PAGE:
Saudi Archaeology Forum calls for involving scholarship students in archaeological work

Participants share ideas at the first Saudi Antiquities Forum in Riyadh on Wednesday. (Photo by Ahmed Fathi)
Updated 10 November 2017
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Saudi Archaeology Forum calls for involving scholarship students in archaeological work

RIYADH: Saudi scholarship students at the first Saudi Archaeology Forum have said that involving them in archaeological work and enacting legislation to preserve the national heritage were key issues.
Cooperation between the Saudi Commission for Tourism and National Heritage (SCTH), the Ministry of Education and universities was the best way to achieve this, they said during a workshop on the second day of the forum.
Other recommendations from the workshop included a partnership between the SCTH, the Ministry of Education and universities to determine the needs of archaeology; sending scholarship students to study technical specialties such as painting, surveying and photography; and the formation of a higher committee to determine scientific needs in archaeology.
Khalid Fayez Al-Asmari, a Ph.D. student in Britain, called for finding ways to overcome the obstacles faced by scholarship students, notably language. He also called for “partnerships with foreign universities to develop programs of archaeology in the Kingdom and expand students’ perceptions and opportunities.”
Mesfir Hamad Al-Qahtani, a Master’s degree student in the US, said that language is also one of the main obstacles for archaeology scholarship students, as well as the lack of guidance for important disciplines.
Fahda Salman bin Afizan, a Ph.D. student in France, stressed that funding and language were among the most important obstacles she faced. “However, we are able to overcome these obstacles because of the importance of studying abroad and what it can add either through comprehensive preparation for study or qualification.”
She called for “the establishment of a higher education committee comprising the SCTH and specialized universities to organize the process of scholarship and identify the needs of the archaeological sector in the Kingdom.”
The workshop included experiences of Saudi students in the study of archaeology in scholarship countries; the development of scholarships programs for archaeology; and the development of relationships between Saudi universities, the scholarship agency and the SCTH to develop the path of research in archaeology.
Faisal Al-Fadhel, a member of the Shoura Council, called for all necessary protection for the Kingdom’s antiquities. He explained that this could be done through the identification of violations and penalties appropriate to these.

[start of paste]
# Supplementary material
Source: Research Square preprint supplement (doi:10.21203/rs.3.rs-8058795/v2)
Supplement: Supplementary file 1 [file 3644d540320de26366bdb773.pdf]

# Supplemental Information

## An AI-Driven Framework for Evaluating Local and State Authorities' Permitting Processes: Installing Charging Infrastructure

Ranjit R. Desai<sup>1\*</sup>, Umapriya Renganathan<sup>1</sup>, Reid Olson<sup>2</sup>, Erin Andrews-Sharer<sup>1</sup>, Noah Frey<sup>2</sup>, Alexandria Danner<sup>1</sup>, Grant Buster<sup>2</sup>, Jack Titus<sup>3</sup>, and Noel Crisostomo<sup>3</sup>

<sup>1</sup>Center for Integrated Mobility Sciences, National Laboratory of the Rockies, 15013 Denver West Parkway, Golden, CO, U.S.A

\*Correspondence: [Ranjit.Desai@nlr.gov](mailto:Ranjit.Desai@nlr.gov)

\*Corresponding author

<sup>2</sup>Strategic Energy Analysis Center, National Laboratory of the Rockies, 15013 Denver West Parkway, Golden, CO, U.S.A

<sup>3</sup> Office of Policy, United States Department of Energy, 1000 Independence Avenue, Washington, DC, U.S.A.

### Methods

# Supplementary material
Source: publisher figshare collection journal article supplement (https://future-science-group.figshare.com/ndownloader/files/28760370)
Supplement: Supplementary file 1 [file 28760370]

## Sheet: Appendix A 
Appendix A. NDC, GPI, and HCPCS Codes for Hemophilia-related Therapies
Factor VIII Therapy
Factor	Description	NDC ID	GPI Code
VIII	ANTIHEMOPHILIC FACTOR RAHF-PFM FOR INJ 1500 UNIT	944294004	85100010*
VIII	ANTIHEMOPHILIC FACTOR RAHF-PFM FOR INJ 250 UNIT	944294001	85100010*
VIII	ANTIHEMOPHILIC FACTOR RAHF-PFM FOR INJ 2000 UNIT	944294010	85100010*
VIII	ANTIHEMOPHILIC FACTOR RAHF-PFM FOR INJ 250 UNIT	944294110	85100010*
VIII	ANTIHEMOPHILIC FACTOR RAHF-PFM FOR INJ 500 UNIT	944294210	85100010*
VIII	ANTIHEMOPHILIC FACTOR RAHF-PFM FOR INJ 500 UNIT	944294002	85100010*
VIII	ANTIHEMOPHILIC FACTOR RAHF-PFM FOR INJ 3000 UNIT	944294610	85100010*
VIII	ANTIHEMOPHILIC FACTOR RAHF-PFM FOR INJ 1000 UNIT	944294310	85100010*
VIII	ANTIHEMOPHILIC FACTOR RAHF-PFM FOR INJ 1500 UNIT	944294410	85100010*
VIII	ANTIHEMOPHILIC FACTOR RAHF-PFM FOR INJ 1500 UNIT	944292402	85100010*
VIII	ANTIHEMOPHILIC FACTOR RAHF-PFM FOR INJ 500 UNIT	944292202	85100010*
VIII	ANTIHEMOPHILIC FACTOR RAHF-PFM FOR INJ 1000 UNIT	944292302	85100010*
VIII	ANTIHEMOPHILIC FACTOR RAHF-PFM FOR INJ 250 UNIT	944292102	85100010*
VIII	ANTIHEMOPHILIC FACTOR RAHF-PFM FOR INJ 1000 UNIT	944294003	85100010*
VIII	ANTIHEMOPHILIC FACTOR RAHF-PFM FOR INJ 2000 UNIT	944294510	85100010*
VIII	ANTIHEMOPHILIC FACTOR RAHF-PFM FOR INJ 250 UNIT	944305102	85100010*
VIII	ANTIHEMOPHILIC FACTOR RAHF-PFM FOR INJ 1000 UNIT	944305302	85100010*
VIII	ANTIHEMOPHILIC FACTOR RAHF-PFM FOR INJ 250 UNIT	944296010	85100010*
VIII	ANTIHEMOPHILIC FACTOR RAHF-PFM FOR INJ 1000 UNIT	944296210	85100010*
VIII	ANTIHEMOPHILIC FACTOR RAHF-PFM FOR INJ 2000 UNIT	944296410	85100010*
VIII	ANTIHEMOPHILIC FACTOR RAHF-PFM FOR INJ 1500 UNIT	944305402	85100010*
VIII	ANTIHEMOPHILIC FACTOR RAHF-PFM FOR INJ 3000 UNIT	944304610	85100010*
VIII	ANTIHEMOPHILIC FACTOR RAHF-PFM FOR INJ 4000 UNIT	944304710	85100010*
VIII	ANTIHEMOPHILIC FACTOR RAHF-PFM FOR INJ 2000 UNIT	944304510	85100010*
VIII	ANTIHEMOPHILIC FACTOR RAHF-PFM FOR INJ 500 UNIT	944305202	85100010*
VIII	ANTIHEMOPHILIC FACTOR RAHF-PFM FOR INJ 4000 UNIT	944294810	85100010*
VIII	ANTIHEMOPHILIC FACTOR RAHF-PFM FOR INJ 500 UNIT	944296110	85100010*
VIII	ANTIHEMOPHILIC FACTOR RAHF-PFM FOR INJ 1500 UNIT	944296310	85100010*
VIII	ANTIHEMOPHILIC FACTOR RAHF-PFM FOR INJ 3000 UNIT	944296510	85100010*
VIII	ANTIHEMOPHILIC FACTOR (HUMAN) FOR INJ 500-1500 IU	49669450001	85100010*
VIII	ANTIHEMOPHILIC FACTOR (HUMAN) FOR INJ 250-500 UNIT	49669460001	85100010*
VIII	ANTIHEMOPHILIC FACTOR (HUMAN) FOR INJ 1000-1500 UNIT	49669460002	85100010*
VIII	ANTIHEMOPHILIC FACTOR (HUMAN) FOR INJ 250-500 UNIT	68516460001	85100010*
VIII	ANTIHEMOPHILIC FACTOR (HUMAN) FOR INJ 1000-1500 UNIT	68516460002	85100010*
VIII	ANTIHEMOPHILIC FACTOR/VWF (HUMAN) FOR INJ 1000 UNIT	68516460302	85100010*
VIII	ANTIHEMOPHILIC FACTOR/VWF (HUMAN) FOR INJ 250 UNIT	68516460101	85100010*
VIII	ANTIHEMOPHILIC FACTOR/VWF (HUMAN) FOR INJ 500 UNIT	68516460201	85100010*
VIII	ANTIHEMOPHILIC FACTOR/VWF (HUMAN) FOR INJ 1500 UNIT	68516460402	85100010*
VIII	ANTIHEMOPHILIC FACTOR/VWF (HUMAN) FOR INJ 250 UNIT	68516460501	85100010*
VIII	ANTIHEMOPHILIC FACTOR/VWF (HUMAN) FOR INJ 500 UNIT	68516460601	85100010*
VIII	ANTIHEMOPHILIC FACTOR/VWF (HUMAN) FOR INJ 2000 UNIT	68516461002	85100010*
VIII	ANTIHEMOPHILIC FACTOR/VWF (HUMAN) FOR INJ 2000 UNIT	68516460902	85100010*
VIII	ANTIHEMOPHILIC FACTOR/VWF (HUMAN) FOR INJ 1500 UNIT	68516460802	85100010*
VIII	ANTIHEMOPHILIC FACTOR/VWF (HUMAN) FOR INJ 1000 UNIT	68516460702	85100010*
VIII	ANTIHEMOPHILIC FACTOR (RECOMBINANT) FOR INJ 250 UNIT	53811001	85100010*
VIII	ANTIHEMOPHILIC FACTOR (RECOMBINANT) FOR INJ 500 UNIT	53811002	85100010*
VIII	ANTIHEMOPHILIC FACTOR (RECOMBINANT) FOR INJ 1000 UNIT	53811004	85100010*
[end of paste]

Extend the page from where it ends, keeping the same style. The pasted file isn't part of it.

“The SCTH and judicial bodies will implement this according to competence, in addition to obligating the violator to repair the damage he causes, while ensuring his right to object to the decision or sentence issued against him,” Al-Fadhel said.


King Salman invites Indonesian centenarian to perform Hajj

Updated 18 July 2019
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King Salman invites Indonesian centenarian to perform Hajj

  • The man said he and his family can’t financially afford to perform Hajj
  • He was welcomed by the Saudi ambassador to Indonesia

DUBAI: King Salman has invited an Indonesian man, who is reportedly 140 years old, and his family to perform Hajj, the Saudi embassy in Jakarta said on Wednesday.
“The Custodian of the Two Holy mosques invites elderly Indonesian man and his family to perform Hajj,” the embassy tweeted.

The centenarian sent his appeal to King Salman and Crown Prince Mohammed bin Salman in a video, asking the Saudi rulers to invite him and his daughters to perform Hajj for the first time, as they were unable to afford it on their own.
Social media users shared his video, in which he and two of his daughters explained their situation in Arabic

The man was hosted by Saudi ambassador to Indonesia Esam Al-Thagafi in Jakarta, who broke the good news to him.
The Saudi rulers saw the video and Hajj authorities will take care of their travels and necessities, Al-Thagafi told the man and his family.

Hajj is one of the five pillars of Islam, and Muslims should aim to perform the ritual at least once in their lifetime.